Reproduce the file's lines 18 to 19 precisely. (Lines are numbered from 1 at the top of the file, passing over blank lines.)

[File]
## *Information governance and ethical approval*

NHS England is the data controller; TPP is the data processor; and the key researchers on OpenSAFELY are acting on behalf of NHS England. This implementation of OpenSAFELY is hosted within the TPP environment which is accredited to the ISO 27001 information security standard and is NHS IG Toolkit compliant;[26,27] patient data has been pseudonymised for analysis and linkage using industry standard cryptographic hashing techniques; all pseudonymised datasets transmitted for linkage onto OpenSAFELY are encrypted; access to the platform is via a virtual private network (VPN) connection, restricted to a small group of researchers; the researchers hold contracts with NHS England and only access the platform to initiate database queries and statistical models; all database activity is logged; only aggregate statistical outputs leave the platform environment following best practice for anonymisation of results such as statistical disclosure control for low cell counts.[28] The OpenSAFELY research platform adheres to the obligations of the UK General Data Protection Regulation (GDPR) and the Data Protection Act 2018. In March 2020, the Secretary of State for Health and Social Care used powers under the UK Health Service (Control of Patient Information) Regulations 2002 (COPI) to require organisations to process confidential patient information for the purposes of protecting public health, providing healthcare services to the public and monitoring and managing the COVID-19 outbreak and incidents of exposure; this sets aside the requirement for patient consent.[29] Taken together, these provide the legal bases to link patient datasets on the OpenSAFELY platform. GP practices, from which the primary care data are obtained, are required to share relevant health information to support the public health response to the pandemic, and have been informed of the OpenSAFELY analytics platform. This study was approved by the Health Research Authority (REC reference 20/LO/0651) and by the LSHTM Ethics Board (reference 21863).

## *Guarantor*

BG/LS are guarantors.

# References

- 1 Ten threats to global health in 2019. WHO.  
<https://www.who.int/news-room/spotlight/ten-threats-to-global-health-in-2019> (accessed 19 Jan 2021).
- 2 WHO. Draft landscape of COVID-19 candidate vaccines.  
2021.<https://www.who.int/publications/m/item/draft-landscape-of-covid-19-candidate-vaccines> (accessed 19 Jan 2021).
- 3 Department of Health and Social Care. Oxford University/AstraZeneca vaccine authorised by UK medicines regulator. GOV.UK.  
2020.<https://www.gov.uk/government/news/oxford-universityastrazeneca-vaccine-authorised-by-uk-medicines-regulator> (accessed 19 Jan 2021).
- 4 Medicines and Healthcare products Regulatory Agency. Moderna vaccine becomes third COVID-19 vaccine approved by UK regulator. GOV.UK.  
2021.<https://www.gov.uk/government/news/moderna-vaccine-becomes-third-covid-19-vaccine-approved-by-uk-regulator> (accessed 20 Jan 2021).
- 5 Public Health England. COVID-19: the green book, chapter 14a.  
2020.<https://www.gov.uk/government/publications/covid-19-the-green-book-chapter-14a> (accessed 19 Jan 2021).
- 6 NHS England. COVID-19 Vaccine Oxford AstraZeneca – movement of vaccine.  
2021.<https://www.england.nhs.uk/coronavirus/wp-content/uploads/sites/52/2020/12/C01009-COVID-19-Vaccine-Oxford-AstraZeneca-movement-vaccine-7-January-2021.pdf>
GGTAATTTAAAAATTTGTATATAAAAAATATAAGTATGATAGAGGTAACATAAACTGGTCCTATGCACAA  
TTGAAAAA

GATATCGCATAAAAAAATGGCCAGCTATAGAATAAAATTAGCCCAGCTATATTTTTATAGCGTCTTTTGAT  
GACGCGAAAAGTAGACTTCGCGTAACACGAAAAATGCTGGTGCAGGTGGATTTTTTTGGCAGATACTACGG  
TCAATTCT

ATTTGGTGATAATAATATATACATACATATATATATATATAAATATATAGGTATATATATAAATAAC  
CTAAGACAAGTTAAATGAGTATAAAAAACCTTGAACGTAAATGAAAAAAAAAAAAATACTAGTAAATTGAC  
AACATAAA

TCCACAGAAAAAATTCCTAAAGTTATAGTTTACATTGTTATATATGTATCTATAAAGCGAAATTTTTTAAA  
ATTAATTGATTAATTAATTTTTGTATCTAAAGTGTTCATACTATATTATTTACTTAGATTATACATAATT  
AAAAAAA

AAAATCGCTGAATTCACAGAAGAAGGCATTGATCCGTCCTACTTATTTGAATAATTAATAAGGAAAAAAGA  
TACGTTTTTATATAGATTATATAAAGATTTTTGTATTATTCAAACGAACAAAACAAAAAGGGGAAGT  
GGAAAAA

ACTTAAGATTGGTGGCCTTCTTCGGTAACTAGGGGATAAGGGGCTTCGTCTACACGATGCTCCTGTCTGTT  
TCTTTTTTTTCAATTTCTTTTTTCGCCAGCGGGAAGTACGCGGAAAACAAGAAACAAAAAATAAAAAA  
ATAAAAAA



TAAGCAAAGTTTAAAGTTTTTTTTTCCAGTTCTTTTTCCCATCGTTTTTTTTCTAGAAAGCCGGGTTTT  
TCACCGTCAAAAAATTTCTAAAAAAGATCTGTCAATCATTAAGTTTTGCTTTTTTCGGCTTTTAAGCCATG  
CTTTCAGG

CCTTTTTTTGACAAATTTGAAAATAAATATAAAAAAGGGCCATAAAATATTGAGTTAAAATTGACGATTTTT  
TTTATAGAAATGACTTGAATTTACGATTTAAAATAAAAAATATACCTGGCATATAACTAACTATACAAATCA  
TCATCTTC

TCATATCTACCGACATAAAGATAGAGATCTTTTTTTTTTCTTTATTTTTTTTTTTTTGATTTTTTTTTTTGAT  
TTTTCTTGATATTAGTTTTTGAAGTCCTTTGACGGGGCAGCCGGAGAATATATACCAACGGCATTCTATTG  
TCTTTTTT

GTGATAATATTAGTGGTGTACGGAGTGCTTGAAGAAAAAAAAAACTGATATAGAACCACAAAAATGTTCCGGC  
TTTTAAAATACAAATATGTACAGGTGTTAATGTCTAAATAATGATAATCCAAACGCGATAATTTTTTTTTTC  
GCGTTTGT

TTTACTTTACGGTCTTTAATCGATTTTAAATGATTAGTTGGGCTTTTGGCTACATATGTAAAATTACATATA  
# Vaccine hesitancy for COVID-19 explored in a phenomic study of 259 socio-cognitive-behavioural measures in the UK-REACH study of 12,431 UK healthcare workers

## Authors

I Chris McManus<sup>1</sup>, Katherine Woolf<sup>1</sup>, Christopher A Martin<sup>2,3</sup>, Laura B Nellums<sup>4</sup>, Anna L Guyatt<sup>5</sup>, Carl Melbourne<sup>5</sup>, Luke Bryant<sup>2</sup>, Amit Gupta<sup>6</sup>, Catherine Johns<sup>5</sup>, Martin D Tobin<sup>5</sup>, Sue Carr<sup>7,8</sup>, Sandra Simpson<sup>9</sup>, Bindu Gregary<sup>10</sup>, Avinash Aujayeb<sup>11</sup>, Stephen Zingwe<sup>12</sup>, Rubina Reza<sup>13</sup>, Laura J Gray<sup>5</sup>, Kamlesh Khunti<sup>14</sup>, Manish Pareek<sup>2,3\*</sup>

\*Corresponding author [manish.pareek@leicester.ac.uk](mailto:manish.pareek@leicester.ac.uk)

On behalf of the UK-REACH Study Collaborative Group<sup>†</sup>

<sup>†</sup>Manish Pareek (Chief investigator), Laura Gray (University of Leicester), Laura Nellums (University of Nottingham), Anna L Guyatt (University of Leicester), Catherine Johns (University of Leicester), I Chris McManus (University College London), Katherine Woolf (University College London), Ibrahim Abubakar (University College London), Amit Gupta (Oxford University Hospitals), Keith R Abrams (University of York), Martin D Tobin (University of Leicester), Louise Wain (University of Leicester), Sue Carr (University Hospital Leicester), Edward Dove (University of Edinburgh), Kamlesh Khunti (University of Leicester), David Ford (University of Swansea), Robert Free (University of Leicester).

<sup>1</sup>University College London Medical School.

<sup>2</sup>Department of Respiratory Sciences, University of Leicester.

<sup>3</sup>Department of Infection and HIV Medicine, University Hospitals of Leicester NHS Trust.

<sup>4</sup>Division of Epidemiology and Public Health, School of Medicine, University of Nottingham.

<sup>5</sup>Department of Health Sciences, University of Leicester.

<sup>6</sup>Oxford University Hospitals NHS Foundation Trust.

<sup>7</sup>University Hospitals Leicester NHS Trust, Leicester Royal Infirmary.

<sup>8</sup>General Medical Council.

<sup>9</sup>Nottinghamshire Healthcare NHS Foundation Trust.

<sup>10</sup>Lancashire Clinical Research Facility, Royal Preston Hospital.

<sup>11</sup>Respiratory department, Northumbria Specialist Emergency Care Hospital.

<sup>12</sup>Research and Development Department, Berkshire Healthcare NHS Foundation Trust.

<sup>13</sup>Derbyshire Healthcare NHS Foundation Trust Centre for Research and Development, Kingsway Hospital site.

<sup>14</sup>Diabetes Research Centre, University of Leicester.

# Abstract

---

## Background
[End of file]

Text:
GGTAATTTAAAAATTTGTATATAAAAAATATAAGTATGATAGAGGTAACATAAACTGGTCCTATGCACAA  
TTGAAAAA